I propose that terrorism is here defined as "the use of violence and threats to intimidate or coerce, especially for political purposes." Given this definition, V's actions are acts of terrorism. V bombs buildings, murders political leaders, hijacks public broadcasts, and threatens public venues with acts of violence. A review of the film from CinemaBlend.com suggests that "He's a terrorist, but he's not terrorizing the people." Whether or not V intentionally terrorizes "people" (civilians, bystanders, observers, etc) is irrelevant. V is committing acts of terror against an established entity, and those acts have the same basic consequences as other acts of terrorism as defined above. And, though V's origin is largely unknown, he is attacking a European government, and he is acting, in part, of behalf of a section of Europe. He is a member of the Western world; thus, he is a Western terrorist.
Contention #3: The context provided does not justify V's actions.
Given V's acts of terrorism, and given the aforementioned differences between the graphic novel and the film, the film does not provide enough context to justify V's actions. The film may justify an aggressive response to oppression, but aggression is different than terrorism. The film may justify an underground sociopolitical movement in response to tyranny, but a member of an underground sociopolitical movement is not necessarily a terrorist. The film does not answer questions regarding V's use of explosives and lethal weapons. Given that those tools are used to commit acts of terrorism, the film does not adequately respond to V's use of terrorism as a tool for change.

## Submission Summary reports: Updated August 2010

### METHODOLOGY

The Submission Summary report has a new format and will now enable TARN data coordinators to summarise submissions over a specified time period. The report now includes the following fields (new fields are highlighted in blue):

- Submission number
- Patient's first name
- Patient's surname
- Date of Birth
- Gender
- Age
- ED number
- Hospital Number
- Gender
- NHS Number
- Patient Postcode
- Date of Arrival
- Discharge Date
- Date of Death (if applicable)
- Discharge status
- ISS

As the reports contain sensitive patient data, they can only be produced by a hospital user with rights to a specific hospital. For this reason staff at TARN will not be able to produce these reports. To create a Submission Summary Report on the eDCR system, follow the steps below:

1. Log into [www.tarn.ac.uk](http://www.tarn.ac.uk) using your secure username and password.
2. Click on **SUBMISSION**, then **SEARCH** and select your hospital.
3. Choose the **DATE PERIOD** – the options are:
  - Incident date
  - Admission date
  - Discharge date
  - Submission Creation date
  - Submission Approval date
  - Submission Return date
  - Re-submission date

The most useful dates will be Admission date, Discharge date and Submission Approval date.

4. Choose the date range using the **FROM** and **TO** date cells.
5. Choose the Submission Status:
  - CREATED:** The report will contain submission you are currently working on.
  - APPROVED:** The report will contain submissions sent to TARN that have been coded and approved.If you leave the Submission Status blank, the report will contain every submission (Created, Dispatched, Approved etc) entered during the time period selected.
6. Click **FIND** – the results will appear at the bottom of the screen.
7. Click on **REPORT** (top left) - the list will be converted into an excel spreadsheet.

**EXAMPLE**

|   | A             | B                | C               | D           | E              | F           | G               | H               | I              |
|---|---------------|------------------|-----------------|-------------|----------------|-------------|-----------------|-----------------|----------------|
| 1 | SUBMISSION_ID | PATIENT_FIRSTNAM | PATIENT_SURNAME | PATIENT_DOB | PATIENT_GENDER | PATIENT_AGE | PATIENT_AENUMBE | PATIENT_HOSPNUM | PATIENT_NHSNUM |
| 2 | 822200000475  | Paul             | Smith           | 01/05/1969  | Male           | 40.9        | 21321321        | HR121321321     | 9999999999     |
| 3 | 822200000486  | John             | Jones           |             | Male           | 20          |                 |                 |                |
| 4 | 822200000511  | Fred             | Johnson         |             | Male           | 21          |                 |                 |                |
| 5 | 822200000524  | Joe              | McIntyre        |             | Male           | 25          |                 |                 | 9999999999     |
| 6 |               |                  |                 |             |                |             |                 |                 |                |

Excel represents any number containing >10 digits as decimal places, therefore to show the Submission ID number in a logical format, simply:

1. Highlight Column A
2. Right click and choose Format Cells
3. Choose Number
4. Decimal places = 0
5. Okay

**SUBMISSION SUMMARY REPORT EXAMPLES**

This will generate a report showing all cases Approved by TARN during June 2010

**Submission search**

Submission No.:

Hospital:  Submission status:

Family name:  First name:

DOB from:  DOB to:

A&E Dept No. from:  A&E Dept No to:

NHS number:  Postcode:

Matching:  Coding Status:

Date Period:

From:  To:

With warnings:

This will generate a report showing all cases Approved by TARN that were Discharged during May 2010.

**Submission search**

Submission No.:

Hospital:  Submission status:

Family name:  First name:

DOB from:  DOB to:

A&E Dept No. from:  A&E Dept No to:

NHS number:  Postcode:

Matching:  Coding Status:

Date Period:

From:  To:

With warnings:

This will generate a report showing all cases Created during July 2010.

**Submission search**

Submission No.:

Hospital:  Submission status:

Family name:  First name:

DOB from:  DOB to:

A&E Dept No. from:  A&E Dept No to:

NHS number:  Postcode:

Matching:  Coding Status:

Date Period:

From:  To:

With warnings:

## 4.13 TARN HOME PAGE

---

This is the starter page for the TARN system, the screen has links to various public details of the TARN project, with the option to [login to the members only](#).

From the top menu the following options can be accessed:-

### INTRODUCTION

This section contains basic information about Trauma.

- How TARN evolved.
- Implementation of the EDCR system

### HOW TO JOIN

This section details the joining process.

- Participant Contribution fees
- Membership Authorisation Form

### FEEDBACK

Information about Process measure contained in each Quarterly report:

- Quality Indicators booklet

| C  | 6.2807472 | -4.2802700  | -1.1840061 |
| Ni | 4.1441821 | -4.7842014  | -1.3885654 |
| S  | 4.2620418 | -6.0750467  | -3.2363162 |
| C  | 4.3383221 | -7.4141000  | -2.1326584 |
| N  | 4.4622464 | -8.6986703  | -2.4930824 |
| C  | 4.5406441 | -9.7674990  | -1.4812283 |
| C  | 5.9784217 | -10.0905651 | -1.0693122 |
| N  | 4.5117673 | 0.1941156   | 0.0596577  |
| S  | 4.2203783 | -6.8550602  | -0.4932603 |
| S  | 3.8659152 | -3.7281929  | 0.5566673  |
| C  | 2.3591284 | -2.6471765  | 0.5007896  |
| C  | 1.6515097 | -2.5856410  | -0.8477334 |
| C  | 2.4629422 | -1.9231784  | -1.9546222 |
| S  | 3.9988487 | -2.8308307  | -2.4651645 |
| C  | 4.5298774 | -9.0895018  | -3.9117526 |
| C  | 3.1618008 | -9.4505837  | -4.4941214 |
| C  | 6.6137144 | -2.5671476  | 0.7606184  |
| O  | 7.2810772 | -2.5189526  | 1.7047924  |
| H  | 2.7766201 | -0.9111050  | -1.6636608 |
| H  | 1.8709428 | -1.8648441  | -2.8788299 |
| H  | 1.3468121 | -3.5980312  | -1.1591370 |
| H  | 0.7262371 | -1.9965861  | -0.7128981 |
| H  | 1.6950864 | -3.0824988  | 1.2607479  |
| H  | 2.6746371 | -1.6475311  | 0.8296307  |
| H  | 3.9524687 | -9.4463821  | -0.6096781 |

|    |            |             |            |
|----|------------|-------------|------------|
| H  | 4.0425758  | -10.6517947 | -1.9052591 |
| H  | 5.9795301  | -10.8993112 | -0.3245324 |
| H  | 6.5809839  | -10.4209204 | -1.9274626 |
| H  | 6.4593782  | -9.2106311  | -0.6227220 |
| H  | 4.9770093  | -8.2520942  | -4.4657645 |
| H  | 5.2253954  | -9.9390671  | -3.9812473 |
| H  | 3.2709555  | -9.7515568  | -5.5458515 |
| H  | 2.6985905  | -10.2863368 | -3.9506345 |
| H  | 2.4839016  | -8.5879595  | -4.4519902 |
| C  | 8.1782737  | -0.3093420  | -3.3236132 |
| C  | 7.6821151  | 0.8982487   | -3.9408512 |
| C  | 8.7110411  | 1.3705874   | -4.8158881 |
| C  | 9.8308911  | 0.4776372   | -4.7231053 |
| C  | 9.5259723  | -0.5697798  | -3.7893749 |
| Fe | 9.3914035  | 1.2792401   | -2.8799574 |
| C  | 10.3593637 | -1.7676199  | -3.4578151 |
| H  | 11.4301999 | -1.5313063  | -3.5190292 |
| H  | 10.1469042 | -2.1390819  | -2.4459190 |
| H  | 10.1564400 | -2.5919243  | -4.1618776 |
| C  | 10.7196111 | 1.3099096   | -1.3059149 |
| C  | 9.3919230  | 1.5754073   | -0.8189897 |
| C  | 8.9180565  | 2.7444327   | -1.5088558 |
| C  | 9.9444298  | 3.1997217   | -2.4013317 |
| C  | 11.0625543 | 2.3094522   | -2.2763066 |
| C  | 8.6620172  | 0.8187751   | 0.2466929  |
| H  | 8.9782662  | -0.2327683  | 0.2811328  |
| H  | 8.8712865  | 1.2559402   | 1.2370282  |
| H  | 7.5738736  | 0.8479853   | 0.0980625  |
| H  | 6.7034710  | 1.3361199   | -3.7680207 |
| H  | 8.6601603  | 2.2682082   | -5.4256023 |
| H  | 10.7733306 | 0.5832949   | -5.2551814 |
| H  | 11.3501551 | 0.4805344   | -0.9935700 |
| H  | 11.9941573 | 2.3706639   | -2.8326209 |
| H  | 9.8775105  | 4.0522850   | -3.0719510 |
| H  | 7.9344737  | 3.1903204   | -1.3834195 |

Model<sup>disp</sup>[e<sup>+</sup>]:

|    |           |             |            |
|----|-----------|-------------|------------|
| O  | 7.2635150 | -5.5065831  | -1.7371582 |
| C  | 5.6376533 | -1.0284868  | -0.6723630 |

Because the film does not provide the same nuanced approach to a complicated issue, V's acts of terrorism go unchecked. The audience is meant to assume that V's actions are justified without receiving any real justification for them. Though entertaining, the film is, in many ways, a simple, pruned version of the graphic novel. The film pruned away the grey complexity of the graphic novel, leaving a somewhat relatable man who destroys building and kills government officials as a way of symbolizing his disapproval of a government. The oppressive government is portrayed as strikingly evil, thus emphasizing the glorification of V's acts of terrorism.
In The Matrix, the Wachowski siblings dulled the moral backlash against violence by allowing the would-be terrorists to run around in a fake world. V for Vendetta, however, takes place in London. It is a future, dystopian version of London, but it is still London. V did not explode fabricated buildings inside a virtual reality with the power of his mind—he blew up real buildings in London. Aside from the possible sociopolitical arguments for anti-oppression coup d'�tats, V for Vendetta, the film, provides a platform for unrestricted violence against authority. The film's use of violence without adequate context creates an environment that glorifies Western terrorism.
Thank you, bluebb9, for giving me the opportunity to debate this very interesting resolution. I'm sure it will be a very fulfilling debate. I also enjoyed the movie V for Vendetta.